The Saints were what we are now

“The Saints were what we are now.”
St. Francis de Sales, Introduction to the Devout Life, Part 5, Chapter 12

This week's reflection is written by
V. Rev. Lewis S. Fiorelli, OSFS.

This week we celebrate the Feast of All Saints, one of the most beautiful feasts of the entire Church year. The early Church called all believers, “saints.” And the Second Vatican Council reminded us that the call to “holiness” is a universal one: we are all called to become saints. But how do we actually become saints? That is the question that I would like to look at in this reflection.

For the answer, I turn to St. Francis de Sales who, early in his celebrated Introduction to the Devout Life, strongly affirms the universal call to holiness. Later in that same book he reminds us of this very important fact: all the saints, he writes, “were at one time what we are now.” This means that they were husbands and wives; parents and children; teens, single people and widows; they were housewives and CEO’s; they served in the military or farmed or worked in an office. Liked us, they worked hard to earn a living for their families; they loved deeply and showed that love in everyday ways; they were kind and caring towards others, even strangers, and especially the poor and the marginalized; they readily forgave hurts and slights, and were willing to begin each day afresh. Like all of us, they too suffered the diminishments of age and health with patience and grace. Like us, they confessed their sins, sought the grace of the sacraments and throughout the course of their lives tried as best as they could to develop and deepen their loving friendship with God in prayer, sacrament and the practice of Christian virtues.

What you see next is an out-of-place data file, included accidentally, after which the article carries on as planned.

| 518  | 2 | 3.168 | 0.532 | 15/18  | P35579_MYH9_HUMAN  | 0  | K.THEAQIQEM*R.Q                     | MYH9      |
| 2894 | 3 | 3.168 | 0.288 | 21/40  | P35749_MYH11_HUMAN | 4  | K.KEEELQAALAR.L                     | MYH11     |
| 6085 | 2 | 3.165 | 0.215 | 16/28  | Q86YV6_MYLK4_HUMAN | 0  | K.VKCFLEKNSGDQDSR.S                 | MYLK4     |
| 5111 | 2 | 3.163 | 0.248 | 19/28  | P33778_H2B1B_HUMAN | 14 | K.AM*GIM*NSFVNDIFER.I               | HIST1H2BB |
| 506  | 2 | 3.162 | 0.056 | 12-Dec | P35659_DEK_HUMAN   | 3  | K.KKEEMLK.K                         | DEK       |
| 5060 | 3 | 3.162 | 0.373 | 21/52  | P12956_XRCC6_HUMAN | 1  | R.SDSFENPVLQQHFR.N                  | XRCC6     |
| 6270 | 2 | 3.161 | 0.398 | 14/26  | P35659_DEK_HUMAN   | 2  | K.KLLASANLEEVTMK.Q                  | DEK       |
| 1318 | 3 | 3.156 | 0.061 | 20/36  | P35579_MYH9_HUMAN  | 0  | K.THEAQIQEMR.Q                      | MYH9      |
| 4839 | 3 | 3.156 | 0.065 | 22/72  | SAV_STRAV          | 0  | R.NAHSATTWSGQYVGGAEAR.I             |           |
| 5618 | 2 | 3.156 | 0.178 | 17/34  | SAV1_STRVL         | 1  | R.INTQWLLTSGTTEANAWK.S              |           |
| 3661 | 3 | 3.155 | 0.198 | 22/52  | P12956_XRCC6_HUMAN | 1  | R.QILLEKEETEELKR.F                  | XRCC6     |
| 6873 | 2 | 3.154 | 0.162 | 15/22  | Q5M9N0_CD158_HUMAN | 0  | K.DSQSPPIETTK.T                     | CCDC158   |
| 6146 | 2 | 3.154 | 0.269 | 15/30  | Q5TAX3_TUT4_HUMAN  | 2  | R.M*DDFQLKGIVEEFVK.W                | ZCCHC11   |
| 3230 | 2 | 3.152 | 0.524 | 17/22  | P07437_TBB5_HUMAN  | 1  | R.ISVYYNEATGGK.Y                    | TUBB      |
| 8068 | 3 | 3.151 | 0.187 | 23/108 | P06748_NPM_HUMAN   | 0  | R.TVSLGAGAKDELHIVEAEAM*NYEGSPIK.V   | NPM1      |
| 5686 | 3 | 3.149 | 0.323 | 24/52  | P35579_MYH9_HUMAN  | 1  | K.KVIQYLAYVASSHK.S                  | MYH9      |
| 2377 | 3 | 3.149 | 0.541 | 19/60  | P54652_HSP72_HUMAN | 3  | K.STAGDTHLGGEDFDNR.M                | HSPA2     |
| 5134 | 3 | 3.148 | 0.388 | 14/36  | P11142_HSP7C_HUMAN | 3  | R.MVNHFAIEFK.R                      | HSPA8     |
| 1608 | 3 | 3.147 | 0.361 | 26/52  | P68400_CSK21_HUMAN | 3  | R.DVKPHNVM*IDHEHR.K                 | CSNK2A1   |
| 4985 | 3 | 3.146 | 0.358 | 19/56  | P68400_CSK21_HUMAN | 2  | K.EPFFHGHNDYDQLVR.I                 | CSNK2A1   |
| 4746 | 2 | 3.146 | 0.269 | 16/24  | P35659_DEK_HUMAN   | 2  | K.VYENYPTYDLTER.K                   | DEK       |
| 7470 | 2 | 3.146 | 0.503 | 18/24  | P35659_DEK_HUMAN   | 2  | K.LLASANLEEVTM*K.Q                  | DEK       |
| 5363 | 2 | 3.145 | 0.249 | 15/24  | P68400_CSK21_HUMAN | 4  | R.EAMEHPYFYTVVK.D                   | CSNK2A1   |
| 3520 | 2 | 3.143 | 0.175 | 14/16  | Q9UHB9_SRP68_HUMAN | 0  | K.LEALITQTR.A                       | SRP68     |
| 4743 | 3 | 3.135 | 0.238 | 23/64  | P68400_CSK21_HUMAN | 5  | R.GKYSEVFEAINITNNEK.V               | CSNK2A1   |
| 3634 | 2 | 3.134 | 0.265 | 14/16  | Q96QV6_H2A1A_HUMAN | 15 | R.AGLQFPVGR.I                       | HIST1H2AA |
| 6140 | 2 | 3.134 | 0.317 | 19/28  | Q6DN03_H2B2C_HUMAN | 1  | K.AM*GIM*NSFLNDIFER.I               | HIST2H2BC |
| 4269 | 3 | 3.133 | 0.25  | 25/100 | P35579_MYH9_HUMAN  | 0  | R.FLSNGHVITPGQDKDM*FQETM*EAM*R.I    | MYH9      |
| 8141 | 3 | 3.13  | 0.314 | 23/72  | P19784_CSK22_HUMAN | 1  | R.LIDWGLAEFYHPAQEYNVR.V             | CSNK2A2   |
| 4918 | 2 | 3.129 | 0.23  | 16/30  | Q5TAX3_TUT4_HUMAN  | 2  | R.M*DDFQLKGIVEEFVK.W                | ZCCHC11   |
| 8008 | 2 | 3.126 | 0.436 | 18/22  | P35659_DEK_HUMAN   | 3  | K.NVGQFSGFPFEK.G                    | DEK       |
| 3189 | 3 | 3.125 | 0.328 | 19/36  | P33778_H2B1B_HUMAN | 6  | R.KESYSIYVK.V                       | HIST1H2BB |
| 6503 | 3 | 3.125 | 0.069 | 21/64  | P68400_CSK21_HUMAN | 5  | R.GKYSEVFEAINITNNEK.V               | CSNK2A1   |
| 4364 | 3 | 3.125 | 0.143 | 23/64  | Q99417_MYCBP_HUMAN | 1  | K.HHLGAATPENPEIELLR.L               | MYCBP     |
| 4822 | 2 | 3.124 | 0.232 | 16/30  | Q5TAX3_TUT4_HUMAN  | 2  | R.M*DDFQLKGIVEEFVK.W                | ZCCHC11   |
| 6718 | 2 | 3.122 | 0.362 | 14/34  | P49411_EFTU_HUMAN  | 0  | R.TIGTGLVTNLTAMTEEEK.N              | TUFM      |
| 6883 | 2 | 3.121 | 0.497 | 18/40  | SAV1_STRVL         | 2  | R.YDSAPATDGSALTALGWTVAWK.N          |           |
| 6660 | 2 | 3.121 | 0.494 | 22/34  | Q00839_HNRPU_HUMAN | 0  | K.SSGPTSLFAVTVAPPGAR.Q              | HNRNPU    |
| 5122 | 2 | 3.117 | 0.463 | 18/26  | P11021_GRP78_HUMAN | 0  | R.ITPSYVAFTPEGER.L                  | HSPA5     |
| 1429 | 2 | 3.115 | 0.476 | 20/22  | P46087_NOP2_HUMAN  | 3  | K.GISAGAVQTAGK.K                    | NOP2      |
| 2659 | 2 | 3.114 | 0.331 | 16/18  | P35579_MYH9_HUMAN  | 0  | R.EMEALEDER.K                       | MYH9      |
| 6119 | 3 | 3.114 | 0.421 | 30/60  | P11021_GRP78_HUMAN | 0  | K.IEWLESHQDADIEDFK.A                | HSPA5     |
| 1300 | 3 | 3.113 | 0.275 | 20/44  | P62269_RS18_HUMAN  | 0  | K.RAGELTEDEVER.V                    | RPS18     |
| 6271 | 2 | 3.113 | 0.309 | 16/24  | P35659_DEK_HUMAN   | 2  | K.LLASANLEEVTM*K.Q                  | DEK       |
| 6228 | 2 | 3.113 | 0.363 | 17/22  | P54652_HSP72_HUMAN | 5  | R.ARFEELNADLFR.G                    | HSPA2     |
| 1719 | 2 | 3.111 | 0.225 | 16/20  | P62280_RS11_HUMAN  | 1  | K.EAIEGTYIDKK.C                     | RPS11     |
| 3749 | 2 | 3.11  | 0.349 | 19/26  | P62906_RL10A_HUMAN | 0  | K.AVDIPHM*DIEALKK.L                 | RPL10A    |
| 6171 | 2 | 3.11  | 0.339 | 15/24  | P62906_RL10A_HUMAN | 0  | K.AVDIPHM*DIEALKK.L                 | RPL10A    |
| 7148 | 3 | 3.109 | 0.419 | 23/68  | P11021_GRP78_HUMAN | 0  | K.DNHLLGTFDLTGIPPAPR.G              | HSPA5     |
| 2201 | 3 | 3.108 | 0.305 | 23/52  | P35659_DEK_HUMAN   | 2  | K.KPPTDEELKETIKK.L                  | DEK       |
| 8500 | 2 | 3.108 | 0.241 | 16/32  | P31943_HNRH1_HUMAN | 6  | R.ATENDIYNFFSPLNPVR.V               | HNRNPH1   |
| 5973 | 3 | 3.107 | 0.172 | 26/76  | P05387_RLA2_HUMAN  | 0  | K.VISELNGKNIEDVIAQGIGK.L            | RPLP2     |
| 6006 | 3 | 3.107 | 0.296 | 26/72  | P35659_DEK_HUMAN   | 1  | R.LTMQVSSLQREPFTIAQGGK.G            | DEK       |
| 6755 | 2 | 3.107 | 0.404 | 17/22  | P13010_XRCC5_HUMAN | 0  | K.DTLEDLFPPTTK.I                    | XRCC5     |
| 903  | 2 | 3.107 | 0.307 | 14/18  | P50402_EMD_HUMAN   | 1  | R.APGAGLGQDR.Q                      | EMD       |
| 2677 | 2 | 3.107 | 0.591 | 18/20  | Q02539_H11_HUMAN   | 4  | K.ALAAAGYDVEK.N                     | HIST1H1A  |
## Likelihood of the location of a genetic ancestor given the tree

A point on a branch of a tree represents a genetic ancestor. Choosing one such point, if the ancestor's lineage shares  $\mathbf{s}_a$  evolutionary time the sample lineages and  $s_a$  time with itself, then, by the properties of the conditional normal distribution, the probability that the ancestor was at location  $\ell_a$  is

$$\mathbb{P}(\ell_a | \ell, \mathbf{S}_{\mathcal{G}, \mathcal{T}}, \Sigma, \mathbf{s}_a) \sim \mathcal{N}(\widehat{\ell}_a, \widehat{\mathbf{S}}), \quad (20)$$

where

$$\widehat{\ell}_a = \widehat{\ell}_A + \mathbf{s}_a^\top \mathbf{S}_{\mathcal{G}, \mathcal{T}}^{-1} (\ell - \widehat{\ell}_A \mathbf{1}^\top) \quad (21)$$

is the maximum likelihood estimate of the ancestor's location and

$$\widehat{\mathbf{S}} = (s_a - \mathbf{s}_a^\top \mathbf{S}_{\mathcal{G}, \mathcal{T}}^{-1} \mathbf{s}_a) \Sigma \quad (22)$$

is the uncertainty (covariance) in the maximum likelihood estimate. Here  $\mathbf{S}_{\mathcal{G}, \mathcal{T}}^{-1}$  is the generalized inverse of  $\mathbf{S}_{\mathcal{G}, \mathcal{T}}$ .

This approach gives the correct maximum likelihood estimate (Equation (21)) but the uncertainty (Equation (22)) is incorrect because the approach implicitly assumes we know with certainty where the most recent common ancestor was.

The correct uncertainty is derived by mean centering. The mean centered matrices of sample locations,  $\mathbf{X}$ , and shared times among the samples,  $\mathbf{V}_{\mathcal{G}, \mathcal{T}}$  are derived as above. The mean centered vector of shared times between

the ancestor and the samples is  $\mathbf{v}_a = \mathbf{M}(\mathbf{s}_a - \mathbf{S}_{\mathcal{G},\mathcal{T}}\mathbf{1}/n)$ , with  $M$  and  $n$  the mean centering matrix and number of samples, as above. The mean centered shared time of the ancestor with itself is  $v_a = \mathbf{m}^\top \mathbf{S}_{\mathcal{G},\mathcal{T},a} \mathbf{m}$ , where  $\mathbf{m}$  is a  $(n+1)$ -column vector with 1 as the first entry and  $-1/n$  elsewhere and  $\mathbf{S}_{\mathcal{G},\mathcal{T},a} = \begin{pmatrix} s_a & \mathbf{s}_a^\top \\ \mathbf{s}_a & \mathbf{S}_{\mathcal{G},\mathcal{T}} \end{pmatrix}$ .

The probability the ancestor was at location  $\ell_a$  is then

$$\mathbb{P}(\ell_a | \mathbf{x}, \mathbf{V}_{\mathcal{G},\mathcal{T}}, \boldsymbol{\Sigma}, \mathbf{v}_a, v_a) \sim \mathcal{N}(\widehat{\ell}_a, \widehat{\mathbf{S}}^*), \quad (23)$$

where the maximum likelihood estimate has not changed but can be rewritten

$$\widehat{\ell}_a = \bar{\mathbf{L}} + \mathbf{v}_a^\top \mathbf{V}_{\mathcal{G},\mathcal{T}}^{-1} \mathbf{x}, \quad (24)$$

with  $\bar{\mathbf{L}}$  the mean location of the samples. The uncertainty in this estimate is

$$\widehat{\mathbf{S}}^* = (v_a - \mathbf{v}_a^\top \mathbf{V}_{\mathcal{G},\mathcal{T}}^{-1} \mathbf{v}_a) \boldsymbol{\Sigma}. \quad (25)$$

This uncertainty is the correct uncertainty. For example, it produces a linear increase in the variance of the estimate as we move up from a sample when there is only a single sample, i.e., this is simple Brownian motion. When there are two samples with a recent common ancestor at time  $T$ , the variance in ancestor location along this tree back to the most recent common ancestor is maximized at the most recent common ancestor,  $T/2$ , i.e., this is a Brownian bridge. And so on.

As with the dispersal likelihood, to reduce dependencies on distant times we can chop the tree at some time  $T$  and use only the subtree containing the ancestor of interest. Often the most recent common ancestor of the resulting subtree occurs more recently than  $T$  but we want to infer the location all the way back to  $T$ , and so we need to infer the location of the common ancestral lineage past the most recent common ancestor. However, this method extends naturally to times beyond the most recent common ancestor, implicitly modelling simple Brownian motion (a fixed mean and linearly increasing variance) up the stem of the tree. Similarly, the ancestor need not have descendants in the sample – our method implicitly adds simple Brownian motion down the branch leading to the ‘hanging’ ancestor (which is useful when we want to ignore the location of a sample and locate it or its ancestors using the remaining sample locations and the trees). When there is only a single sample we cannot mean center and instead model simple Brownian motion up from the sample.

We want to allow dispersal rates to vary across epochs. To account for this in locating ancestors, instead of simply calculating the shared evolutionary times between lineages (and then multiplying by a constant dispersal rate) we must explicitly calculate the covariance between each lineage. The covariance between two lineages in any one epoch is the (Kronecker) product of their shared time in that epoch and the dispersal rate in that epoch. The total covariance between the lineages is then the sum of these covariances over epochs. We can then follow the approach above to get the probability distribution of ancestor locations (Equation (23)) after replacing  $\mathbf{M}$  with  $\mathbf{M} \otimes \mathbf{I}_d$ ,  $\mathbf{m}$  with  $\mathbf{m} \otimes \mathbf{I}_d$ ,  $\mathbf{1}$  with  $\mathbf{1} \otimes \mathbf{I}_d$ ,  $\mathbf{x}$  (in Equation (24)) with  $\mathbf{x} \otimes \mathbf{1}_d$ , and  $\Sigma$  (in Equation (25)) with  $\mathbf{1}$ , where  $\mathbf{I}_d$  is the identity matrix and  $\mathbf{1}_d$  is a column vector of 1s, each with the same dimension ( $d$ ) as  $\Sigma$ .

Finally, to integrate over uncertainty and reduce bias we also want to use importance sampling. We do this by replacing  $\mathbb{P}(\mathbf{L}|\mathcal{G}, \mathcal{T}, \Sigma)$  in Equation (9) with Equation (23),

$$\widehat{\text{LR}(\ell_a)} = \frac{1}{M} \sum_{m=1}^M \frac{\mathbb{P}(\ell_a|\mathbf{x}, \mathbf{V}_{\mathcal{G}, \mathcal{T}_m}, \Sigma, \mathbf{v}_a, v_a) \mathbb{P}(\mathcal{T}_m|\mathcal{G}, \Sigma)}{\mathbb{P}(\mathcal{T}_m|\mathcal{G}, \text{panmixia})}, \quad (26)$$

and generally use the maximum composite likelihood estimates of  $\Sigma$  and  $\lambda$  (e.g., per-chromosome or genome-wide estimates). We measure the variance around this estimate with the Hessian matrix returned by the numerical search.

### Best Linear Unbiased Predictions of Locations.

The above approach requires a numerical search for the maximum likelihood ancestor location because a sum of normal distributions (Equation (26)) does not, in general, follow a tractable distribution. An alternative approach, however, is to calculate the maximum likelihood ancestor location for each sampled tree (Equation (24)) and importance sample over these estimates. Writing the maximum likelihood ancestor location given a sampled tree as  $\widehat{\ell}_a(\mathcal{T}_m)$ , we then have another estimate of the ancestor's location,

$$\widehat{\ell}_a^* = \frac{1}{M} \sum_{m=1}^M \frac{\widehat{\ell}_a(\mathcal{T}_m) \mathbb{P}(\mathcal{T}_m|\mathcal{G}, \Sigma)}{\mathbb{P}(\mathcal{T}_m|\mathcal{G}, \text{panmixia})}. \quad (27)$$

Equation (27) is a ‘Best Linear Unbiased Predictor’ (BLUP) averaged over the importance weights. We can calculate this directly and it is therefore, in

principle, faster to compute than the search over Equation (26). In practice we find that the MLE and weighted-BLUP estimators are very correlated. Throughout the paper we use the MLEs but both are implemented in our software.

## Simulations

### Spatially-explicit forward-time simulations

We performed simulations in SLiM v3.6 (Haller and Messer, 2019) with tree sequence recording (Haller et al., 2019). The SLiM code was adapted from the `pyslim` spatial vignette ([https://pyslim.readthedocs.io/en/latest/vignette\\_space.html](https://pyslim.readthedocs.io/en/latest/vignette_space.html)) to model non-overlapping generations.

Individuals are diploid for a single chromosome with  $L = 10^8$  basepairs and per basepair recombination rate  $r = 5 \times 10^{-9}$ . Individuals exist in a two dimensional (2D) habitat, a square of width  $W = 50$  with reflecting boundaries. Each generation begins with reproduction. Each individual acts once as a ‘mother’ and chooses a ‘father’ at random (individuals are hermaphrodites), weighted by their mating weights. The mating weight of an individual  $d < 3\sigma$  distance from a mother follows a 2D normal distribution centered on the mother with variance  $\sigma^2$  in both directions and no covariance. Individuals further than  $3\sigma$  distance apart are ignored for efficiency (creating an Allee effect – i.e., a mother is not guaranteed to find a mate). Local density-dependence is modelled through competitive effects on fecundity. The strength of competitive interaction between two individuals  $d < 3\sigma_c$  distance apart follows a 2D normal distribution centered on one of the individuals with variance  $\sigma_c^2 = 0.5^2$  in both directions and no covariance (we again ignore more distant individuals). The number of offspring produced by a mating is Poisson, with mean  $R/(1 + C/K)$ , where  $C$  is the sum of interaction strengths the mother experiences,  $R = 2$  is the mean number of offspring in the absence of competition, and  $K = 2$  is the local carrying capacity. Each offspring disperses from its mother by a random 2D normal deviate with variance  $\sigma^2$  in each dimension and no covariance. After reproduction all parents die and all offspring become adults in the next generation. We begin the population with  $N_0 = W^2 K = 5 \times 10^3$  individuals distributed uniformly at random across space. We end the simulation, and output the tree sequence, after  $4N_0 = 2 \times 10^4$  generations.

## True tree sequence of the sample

In short, in all ways the saints “were once what we are now.” And now they are saints in glory. From their place in heaven, they urge us to persevere to the finish line, to keep our eyes focused on Christ, and to hear and heed their example as well as the voices of the angels.

In another of his writings, Francis de Sales describes the saints in this way: 
“What else is the life of a saint than the gospel that is put into practice?” He continues, “There is no more difference between the written gospel and the lives of saints than between music that is set down in notes and music that is sung or played!”

This is a very important insight. Even if we were to lose all of our four Gospels, we would still be able to reproduce them by studying the lives of the saints. For example, we would recover the poverty and simplicity of Jesus in the life St. Francis of Assisi. We would understand the gospel teaching on the love and service of the poor in the example of St. Theresa of Calcutta and in her tender care for the poorest of the poor. We would appreciate the zeal of Jesus for sinners in the life and ministry of St. Ignatius of Loyola. We could recover the burning love of the heart of Jesus in the life and teaching of St. Margaret Mary. Closer to home, we would see Jesus’s self-sacrificing love for others in the countless sacrifices of parents for their children. We saw an example of that in the recent canonization of Louis and Zelie Martin, parents of the Little Flower. The examples could be multiplied a thousand-fold but they would all say the same thing: The lives of the saints are simply the gospel of Jesus that is lived and practiced by ordinary people in everyday situations of life!

Thus, on the yearly feast of All Saints we are reminded that the secret of Christian holiness is simply to live out the spirit of the Gospel in the nooks and crannies of our daily lives with one another. Yes, the saints were once what we are now. So if we imitate their example in our own lives now, we will one day become what they have become: saints!

One day the feast of All Saints will not only be a feast that we celebrate in hope. For one day we believe that if we live as they lived, we will be among the saints who are celebrated on this feast: for all are called to holiness!